Laragh near Broomfield, in County Monaghan is a former mill village of which little remains. In the 19th century there was a lot of activity in the flax industry in the area. Sited in a valley between hills, a small fast flowing river which used to power the mill runs through the village.
The village originally had five terraces of small stone built houses on one side and several more substantial 19th century houes on the other. Of these, one of the terraces remains and is lived in while another terrace and a half survive roofless. Also surviving is an interesting cast iron church. Recent bungalows continue the line of the original terraces and fills the gap between the ruined buildings.
Although relatively small, these house were well finished and rendered and had ornate windows frames to the front. The remains of these frames can be seem in the ruined terraces. Like a similar but larger village at Mullan in the north of the county, the river runs behind the terraces, presumably to allow refuse to be taken away by it.
Sites across the road is a larger victorian house and several gate lodges which presumably led to the mill owners residence. Unlike Mullan which operated well into this century, Laragh ceased operations early in this century and little remains of the industrial nature of its past.
The most interesting feature of Laragh is the 19th century church for the Church of Ireland. It is said that it was brought back to Laragh by the mill owner and his wife from their honeymoon in Switzerland where she saw and fell in love with it. Designed in a swiss-gothic hybrid style, the church is contructed entirely out of corrugated iron and sites in a small narrow wooded valley alongside the river.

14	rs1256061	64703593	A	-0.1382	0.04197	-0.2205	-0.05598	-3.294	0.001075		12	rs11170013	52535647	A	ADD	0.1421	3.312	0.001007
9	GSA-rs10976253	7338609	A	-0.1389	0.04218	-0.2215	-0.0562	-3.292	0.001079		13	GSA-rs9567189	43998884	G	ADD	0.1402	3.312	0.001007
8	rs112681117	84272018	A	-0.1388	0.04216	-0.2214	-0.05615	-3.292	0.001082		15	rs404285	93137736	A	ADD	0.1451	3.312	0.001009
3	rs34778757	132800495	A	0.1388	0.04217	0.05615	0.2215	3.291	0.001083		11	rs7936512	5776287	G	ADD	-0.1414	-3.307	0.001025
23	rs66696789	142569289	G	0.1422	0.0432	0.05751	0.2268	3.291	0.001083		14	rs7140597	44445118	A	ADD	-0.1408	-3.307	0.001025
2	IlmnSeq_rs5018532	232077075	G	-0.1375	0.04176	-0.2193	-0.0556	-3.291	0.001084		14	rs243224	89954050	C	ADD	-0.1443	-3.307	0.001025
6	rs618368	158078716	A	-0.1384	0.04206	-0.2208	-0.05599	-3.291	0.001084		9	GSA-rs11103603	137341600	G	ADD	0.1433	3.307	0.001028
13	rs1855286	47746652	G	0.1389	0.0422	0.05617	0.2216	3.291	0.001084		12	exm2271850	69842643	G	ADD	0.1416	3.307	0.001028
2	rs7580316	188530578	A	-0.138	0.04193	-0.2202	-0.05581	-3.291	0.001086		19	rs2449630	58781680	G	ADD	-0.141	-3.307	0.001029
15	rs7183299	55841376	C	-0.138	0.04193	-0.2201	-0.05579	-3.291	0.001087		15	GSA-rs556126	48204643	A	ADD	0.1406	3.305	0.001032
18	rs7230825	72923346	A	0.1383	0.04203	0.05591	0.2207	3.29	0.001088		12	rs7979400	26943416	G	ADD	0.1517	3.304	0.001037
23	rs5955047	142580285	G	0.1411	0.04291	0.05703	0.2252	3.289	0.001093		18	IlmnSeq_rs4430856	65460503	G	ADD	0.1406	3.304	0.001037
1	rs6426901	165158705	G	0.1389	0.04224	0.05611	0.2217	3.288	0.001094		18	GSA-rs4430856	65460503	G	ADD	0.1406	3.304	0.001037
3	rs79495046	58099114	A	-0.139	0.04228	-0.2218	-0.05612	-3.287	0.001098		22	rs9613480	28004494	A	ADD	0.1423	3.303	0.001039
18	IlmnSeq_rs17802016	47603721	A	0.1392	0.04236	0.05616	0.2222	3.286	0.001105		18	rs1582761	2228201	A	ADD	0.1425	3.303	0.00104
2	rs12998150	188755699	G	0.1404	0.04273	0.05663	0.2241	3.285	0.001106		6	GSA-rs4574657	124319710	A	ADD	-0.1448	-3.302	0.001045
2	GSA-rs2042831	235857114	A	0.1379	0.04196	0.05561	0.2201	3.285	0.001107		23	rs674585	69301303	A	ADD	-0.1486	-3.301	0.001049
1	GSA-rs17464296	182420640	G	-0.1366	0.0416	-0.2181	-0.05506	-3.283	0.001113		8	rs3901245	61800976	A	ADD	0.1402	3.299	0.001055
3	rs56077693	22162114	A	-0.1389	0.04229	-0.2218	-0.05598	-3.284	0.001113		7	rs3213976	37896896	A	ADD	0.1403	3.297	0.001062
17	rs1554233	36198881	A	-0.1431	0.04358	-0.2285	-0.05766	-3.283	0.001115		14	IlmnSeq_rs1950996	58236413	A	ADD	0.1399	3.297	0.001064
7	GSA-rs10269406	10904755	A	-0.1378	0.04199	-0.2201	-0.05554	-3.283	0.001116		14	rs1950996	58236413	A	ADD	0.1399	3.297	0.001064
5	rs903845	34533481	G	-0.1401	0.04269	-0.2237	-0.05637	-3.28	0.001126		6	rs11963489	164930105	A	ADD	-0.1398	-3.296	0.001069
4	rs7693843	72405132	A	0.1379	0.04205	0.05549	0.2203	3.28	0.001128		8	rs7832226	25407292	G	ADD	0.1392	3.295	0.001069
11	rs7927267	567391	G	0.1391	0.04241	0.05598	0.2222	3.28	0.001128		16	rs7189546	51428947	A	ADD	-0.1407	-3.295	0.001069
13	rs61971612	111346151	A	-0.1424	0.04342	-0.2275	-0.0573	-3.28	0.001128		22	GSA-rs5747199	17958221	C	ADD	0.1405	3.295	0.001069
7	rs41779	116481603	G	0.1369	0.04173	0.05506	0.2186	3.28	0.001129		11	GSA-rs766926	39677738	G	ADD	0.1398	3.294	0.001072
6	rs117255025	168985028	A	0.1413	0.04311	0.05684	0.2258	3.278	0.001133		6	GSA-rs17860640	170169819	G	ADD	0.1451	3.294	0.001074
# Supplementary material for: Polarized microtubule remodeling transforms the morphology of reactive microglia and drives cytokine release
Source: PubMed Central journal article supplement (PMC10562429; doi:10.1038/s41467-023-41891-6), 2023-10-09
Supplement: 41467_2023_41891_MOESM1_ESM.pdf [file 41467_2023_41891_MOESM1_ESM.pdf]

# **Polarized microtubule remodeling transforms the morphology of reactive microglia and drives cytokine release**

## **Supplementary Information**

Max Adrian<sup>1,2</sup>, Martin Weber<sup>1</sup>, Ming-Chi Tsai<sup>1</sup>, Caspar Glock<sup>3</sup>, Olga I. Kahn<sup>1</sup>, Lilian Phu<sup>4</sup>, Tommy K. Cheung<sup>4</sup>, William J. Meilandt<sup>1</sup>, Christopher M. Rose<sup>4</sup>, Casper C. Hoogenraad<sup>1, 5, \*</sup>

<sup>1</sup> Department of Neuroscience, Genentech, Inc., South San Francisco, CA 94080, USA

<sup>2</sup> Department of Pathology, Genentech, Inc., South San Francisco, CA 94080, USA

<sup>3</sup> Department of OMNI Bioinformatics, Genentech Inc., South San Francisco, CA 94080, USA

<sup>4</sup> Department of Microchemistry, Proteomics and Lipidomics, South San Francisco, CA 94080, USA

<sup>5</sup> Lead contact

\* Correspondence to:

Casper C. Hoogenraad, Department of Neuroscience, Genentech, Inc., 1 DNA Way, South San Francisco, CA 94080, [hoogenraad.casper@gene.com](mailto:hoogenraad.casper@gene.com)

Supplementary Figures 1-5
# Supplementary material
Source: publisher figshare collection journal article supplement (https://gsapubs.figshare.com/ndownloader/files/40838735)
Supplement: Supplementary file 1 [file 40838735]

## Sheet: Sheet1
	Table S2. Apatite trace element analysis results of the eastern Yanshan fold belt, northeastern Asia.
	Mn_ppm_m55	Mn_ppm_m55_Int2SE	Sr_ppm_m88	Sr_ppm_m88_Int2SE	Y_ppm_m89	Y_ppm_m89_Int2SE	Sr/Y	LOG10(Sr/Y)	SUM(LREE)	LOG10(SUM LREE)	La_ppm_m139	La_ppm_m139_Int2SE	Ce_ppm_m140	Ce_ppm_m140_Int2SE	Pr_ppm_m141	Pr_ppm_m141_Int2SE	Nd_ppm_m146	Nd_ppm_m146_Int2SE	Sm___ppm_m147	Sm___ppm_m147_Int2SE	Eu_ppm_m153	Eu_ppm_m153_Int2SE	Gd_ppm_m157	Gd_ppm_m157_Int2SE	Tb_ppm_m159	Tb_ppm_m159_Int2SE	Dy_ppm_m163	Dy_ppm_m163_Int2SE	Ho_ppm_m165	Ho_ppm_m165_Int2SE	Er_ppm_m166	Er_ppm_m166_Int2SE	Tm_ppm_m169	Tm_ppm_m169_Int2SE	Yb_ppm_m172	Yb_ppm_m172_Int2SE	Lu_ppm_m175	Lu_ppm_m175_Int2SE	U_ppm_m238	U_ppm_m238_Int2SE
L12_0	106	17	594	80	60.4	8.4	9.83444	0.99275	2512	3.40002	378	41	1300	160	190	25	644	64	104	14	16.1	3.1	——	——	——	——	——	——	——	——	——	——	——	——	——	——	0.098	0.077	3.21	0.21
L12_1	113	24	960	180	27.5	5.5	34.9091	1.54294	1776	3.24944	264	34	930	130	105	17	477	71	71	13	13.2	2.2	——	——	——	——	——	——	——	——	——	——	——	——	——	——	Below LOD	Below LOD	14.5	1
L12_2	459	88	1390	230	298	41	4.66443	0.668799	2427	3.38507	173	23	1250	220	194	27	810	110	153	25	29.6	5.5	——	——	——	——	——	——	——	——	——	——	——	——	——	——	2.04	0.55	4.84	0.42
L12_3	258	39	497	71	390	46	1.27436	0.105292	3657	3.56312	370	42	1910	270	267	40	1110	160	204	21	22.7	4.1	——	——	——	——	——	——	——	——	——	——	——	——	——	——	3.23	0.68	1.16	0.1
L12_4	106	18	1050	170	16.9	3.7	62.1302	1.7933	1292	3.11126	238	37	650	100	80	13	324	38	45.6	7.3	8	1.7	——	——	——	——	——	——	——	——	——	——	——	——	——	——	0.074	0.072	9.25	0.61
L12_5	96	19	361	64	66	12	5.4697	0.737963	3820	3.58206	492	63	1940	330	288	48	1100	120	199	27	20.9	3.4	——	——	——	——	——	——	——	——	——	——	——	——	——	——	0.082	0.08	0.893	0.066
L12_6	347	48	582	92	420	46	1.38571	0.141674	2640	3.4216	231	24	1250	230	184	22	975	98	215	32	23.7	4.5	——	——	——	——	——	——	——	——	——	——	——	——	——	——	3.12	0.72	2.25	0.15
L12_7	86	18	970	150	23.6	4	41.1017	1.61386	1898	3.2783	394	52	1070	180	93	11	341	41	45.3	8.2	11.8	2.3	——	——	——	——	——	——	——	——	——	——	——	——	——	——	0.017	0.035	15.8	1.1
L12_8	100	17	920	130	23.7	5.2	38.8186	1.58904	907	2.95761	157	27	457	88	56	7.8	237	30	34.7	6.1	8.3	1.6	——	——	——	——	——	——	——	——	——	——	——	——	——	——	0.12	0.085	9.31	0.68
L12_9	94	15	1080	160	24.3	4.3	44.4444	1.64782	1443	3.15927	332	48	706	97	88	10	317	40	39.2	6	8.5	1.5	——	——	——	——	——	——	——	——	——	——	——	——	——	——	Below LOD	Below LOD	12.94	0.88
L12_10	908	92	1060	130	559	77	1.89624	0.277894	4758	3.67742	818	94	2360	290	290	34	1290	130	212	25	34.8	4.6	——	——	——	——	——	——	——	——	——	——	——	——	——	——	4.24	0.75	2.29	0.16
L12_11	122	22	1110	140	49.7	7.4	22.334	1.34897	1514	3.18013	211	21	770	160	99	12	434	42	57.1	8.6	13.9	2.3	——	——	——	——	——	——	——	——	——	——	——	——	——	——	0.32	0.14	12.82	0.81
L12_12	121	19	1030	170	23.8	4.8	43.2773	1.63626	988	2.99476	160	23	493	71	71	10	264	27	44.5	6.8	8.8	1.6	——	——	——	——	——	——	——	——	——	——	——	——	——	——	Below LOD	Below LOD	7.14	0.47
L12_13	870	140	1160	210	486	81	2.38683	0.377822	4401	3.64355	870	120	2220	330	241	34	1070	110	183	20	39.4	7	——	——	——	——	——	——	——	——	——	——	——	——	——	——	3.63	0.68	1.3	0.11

The spire of the church is very ornate and in three stages and cuts an incongruous outline in county Monaghan. In comparison to the grim earnestness and solidity of other churchs in villages in the county, this has a picturesque fragility and frivolity not usually found in small industrial villages and must have astounded the locals when originally constructed and brightly painted. One of the more interesting questions that comes to mind, is what was it like attending a service during a heavy rain storm?
The landscaping around the church is designed to imitate and suggest a small mountain glade with rocky outcrops around the church. To ensure that no regular edges exist other than the chapel itself, rocks and stones have been built around the chapel in mounds to create crevices and and irregular outline to the raised platform on which the church sits. Even the gateway has received this treatment to ensure the victory of the picturesque over practicality in this little outpost of the Industrial age.
The church was de-consecrated in 1962.